HDS.to, Dpstream, Papystreaming… If you are a fan of illegal streaming, you probably know these names. What do you really risk by going to these sites? Nothing? In theory yes, in practice it is more complicated than that. We have studied the matter for you.
Illegal streaming is on the rise in France. We are even the European champions of this “sport” according to the latest MUSO report (published on 21 March 2018). In total, illegal downloading and streaming sites had 10.5 billion visits in 2017. These figures are not completely accurate since all the techniques could not be taken into account by MUSO, including VPNs (make believe you are in the United States for example while you are in France) very common among Internet users. According to the MUSO report, illegal streaming is becoming more and more popular. Yet in illegal streaming there is the word “illegal”. This does not seem to frighten Internet users. Are the risks really non-existent? Not quite.
Before getting to the heart of the matter, let’s recall what is grouped under the term “streaming”. In English, streaming is a term for a method of distributing audio and video content over the Internet. It is thus possible for Internet users to watch films and series or listen to music without having to download them.
There are two forms of streaming. Netflix, OCS or Amazon Prime Video are part of the legal video streaming offers. In order to have the right to broadcast content, these giants have signed agreements with the rights holders, in return for a few pennies. Other platforms, on the other hand, offer online content without permission and without paying copyright fees. These are the illegal streaming sites.
There is a huge subtlety between illegal sites and sites with illegal content. There are two categories of streaming sites:
- sites like Youtube or Dailymotion totally legal sites broadcasting legal and illegal contents. It is then up to each platform to clean up…
- sites such as HDS.to (now closed), Dpstream or Papystreaming that knowingly infringe copyright by offering only pirated films or series.
How to recognize illegal streaming sites? All it takes is a little common sense. Illegal sites follow established codes. Their address, their graphic charter, their ergonomics, the quantity of advertisements of all kinds are all revealing elements.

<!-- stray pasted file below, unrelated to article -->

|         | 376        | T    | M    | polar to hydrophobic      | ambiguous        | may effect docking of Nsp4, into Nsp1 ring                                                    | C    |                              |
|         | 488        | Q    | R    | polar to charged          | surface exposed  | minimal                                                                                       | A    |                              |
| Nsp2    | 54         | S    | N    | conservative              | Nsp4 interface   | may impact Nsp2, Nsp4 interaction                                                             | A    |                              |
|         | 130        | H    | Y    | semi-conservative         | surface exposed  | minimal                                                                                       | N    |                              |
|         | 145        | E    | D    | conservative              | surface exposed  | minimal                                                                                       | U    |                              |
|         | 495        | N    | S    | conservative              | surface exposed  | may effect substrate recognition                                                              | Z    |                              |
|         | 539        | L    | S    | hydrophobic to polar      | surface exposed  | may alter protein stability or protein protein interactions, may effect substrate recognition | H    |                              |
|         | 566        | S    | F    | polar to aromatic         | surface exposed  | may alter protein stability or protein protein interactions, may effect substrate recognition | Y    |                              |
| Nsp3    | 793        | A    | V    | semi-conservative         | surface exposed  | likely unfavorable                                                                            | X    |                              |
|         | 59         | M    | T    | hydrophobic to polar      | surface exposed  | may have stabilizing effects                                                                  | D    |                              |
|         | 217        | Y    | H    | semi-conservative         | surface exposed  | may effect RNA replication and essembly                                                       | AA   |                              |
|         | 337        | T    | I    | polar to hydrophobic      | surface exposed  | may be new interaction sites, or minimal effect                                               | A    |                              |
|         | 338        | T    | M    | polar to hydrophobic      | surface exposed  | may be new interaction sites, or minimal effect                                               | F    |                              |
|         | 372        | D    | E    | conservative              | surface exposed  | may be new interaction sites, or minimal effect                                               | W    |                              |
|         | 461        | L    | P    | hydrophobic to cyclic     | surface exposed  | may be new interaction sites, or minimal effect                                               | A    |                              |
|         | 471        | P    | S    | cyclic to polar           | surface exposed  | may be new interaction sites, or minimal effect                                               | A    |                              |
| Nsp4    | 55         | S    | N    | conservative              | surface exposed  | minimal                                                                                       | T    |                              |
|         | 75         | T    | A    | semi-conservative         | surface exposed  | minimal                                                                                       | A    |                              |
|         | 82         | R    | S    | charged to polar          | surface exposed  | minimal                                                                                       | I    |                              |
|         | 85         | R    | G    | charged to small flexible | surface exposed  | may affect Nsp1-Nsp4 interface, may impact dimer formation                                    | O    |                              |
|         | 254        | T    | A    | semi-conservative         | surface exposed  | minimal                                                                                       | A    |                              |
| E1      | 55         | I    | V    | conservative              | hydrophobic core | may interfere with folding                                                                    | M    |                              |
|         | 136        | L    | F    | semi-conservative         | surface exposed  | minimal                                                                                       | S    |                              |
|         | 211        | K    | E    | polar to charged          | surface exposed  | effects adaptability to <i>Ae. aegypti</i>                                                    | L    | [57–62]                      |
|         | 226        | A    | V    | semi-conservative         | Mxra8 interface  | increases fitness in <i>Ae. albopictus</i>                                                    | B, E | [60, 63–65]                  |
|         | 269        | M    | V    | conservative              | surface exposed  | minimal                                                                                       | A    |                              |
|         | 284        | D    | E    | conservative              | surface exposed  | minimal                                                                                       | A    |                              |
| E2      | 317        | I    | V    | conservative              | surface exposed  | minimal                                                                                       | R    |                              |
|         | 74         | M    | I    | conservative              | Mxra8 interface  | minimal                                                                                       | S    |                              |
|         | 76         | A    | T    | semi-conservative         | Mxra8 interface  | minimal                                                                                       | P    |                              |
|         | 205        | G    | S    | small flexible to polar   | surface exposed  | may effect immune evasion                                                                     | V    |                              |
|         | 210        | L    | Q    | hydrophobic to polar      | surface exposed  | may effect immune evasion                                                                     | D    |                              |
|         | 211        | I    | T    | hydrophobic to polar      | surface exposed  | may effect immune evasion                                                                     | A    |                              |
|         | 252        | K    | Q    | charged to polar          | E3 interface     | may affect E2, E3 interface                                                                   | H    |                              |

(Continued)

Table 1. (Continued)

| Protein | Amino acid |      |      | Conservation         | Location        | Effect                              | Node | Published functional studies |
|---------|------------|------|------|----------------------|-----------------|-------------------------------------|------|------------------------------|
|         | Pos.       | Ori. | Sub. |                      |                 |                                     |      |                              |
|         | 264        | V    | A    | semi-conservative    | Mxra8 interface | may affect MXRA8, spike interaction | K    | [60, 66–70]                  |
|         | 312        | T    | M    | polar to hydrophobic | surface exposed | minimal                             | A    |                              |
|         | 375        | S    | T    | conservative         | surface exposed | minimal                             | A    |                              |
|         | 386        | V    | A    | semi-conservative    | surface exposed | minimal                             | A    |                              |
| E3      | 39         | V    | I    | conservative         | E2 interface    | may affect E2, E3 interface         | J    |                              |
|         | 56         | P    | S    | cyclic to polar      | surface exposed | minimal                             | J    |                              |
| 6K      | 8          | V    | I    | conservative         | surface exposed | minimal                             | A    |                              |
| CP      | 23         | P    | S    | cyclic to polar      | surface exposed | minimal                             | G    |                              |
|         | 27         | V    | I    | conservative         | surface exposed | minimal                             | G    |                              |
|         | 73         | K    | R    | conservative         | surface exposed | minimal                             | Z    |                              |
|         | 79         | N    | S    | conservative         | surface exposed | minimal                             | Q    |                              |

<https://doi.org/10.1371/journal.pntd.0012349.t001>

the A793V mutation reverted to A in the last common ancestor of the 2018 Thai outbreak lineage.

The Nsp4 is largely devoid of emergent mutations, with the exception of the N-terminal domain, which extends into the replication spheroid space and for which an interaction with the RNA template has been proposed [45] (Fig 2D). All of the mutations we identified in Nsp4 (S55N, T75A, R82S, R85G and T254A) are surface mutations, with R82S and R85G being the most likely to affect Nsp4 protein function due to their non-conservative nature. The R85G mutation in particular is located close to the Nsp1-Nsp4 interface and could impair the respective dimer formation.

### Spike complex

In 2018, saying “I didn’t know” is clearly evidence of bad faith. With the possible exception of Popcorn Time, which uses a Netflix-like interface and looks like a legal site. But you only have to look through its catalogue and the impressive quantity of (too) recent films to understand that it is an illegal platform.
As the lawyer Arnaud Dimeglio tells our colleagues at Techadvisor, “there is currently no clear solution for consulting illegal content online, or for reading it in streaming”. Simply put, the risk is almost non-existent, but the “almost” is of paramount importance. As our confreres in Rue89 remind us, some lawyers are more meticulous than others.
In theory, if the law wants to prosecute someone, it is the site that posted the video and the Internet user who put it online that are worried. The spectator is safe as he has not downloaded anything and therefore made no copies (in which case he would risk three years in prison and a fine of 300,000 euros). Always in theory.
Because in practice there is temporary storage of the video on the computer. If no file has been downloaded, the video is still stored temporarily on the machine: the famous buffer memory. The storage is temporary but it is real. Can the spectator be charged with forgery? No, not really. On the other hand, he can be charged with receiving stolen goods for counterfeiting.
According to article 321-1 of the Penal Code, receiving stolen goods is “the fact, with full knowledge of the facts, of benefiting, by any means, from the proceeds of a crime or offence”. Here the “knowingly” brings all the nuance. How do I know if a content has been pirated? We return to the previous part: saying “I didn’t know” is more a matter of bad faith than of ignorance.
Since the advent of illegal streaming, only one conviction has been recorded. And he’s extreme. An Internet user had been prosecuted for “possession of pornographic images or representations of minors”. The court had then considered that there had been no “detention” of the images but “automatic storage”. This is the only case law. The judgment delivered concluded that streaming could not be assimilated to downloading.
But recently, the government announced that the Hadopi law would take a close look at streaming. It remains to be seen what means will be used to track down illegal streamers, as identification and prosecution is very difficult, if not impossible.